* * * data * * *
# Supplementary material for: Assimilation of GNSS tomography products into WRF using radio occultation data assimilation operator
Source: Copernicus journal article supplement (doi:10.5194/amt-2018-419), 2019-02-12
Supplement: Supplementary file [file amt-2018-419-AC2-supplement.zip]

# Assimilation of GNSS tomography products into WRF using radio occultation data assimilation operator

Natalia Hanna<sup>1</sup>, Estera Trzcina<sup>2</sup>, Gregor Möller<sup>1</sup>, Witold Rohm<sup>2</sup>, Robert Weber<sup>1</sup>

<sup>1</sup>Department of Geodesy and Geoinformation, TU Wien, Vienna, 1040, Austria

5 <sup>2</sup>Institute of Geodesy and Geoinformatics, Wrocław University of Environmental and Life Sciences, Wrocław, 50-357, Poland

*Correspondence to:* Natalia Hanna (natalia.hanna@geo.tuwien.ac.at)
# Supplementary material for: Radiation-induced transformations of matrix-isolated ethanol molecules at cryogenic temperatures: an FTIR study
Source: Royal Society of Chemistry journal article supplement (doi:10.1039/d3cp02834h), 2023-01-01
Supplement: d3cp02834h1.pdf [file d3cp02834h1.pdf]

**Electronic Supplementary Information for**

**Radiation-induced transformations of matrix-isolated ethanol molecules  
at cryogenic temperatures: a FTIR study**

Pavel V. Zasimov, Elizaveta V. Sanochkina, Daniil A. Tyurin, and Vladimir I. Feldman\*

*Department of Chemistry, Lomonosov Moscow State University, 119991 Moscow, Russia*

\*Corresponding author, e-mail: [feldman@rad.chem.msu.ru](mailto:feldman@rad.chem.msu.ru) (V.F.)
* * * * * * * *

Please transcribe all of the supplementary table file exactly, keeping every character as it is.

# Supplementary material for: Assimilation of GNSS tomography products into WRF using radio occultation data assimilation operator
Source: Copernicus journal article supplement (doi:10.5194/amt-2018-419), 2019-02-12
Supplement: Supplementary file [file amt-2018-419-AC2-supplement.zip]

# Assimilation of GNSS tomography products into WRF using radio occultation data assimilation operator

Natalia Hanna<sup>1</sup>, Estera Trzcina<sup>2</sup>, Gregor Möller<sup>1</sup>, Witold Rohm<sup>2</sup>, Robert Weber<sup>1</sup>

<sup>1</sup>Department of Geodesy and Geoinformation, TU Wien, Vienna, 1040, Austria

5 <sup>2</sup>Institute of Geodesy and Geoinformatics, Wrocław University of Environmental and Life Sciences, Wrocław, 50-357, Poland

*Correspondence to:* Natalia Hanna (natalia.hanna@geo.tuwien.ac.at)
# Supplementary material for: Radiation-induced transformations of matrix-isolated ethanol molecules at cryogenic temperatures: an FTIR study
Source: Royal Society of Chemistry journal article supplement (doi:10.1039/d3cp02834h), 2023-01-01
Supplement: d3cp02834h1.pdf [file d3cp02834h1.pdf]

**Electronic Supplementary Information for**

**Radiation-induced transformations of matrix-isolated ethanol molecules  
at cryogenic temperatures: a FTIR study**

Pavel V. Zasimov, Elizaveta V. Sanochkina, Daniil A. Tyurin, and Vladimir I. Feldman\*

*Department of Chemistry, Lomonosov Moscow State University, 119991 Moscow, Russia*

\*Corresponding author, e-mail: [feldman@rad.chem.msu.ru](mailto:feldman@rad.chem.msu.ru) (V.F.)